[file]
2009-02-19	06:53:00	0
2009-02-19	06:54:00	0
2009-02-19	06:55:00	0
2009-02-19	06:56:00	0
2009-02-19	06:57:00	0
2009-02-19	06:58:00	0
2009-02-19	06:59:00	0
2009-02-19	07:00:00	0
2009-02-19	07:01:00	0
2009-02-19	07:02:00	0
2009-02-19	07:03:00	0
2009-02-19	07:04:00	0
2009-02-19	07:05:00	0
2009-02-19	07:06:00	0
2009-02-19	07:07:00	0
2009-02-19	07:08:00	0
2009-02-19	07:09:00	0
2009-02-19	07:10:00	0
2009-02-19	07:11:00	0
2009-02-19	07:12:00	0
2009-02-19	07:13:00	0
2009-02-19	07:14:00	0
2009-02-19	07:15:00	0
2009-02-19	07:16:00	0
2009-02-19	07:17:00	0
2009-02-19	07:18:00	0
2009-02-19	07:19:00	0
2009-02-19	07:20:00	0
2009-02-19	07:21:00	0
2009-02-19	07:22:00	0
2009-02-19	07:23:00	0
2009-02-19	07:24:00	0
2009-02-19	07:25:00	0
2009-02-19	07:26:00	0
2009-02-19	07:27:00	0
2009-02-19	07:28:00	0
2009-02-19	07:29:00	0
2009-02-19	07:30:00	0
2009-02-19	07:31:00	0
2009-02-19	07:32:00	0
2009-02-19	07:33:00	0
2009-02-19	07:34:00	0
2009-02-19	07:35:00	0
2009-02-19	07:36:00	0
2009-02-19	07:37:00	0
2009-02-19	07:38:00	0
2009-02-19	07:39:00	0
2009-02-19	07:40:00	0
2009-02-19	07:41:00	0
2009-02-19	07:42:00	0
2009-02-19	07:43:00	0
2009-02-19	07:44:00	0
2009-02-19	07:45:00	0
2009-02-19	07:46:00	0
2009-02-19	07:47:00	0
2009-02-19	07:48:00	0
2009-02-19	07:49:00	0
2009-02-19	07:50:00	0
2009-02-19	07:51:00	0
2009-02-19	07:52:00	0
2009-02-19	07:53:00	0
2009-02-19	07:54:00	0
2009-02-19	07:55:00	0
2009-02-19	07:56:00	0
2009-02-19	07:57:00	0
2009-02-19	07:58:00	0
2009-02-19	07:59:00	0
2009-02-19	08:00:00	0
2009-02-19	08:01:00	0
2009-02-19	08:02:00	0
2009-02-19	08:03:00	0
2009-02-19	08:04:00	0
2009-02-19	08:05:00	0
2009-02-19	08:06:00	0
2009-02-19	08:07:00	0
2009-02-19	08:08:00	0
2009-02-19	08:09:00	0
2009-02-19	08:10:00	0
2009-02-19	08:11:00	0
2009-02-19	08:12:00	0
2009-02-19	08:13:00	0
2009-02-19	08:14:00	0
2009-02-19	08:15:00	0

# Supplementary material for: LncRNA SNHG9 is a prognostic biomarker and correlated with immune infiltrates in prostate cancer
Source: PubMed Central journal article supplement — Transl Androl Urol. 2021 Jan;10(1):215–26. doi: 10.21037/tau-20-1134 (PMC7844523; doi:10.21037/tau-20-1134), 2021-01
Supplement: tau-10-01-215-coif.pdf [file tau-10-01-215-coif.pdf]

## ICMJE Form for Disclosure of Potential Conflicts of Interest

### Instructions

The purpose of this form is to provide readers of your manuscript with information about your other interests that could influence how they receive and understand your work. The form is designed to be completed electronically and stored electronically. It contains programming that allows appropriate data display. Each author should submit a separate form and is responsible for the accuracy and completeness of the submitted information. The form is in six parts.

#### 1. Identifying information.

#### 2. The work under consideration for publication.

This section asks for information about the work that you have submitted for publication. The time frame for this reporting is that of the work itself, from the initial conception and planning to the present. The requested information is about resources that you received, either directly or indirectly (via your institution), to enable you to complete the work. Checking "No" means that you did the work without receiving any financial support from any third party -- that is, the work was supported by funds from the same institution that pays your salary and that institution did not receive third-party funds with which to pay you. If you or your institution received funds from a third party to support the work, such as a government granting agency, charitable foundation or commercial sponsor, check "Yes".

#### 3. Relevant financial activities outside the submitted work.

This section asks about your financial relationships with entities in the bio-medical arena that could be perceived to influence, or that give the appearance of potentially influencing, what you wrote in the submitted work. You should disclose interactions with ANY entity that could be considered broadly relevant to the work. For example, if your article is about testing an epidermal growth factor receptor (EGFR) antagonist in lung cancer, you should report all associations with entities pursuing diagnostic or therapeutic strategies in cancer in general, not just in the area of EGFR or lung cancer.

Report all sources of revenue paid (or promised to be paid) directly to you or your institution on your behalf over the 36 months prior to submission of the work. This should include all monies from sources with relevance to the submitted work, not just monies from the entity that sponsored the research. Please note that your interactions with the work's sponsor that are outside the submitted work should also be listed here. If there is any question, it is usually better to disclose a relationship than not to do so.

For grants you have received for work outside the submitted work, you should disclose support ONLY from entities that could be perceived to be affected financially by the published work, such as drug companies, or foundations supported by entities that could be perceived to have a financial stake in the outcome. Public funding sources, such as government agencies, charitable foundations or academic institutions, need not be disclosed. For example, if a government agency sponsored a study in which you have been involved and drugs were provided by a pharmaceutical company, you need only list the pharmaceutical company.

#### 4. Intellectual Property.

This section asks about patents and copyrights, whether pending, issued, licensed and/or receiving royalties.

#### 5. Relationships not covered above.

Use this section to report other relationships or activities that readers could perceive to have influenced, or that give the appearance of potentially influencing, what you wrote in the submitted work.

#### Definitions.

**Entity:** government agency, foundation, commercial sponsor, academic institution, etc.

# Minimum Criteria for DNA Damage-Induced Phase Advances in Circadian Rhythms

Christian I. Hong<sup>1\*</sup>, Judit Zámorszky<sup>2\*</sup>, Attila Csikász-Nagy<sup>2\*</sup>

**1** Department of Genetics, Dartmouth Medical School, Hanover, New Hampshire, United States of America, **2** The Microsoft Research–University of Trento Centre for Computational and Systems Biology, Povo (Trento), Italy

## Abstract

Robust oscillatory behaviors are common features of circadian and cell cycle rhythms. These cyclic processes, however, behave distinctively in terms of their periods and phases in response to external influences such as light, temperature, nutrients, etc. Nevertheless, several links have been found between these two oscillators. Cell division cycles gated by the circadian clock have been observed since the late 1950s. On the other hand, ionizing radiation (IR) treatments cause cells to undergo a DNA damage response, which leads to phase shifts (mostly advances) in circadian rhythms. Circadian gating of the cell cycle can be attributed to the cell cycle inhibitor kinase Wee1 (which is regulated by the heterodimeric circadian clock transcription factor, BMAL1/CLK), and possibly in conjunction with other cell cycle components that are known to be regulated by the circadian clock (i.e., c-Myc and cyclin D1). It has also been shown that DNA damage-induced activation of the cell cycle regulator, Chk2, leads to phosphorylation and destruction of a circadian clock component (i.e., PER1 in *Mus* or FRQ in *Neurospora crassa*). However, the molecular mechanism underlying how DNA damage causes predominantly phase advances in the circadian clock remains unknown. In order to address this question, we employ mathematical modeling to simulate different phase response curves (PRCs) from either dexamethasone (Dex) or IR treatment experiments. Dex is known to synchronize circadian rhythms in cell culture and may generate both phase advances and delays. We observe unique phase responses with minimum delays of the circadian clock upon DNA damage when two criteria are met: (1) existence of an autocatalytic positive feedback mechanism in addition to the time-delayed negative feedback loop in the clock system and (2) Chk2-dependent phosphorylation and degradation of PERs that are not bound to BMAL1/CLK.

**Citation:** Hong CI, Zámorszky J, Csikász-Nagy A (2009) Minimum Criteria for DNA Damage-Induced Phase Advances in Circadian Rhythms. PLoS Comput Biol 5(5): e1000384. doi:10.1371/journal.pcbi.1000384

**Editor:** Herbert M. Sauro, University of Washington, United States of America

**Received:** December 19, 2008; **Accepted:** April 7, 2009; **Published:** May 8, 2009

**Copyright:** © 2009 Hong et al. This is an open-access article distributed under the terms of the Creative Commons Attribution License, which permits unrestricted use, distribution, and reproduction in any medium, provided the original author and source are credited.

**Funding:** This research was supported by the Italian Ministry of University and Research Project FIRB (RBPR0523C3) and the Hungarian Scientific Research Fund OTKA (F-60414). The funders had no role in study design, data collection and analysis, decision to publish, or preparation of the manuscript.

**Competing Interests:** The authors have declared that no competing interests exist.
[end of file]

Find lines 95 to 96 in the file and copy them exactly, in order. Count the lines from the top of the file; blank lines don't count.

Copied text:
Report all sources of revenue paid (or promised to be paid) directly to you or your institution on your behalf over the 36 months prior to submission of the work. This should include all monies from sources with relevance to the submitted work, not just monies from the entity that sponsored the research. Please note that your interactions with the work's sponsor that are outside the submitted work should also be listed here. If there is any question, it is usually better to disclose a relationship than not to do so.

For grants you have received for work outside the submitted work, you should disclose support ONLY from entities that could be perceived to be affected financially by the published work, such as drug companies, or foundations supported by entities that could be perceived to have a financial stake in the outcome. Public funding sources, such as government agencies, charitable foundations or academic institutions, need not be disclosed. For example, if a government agency sponsored a study in which you have been involved and drugs were provided by a pharmaceutical company, you need only list the pharmaceutical company.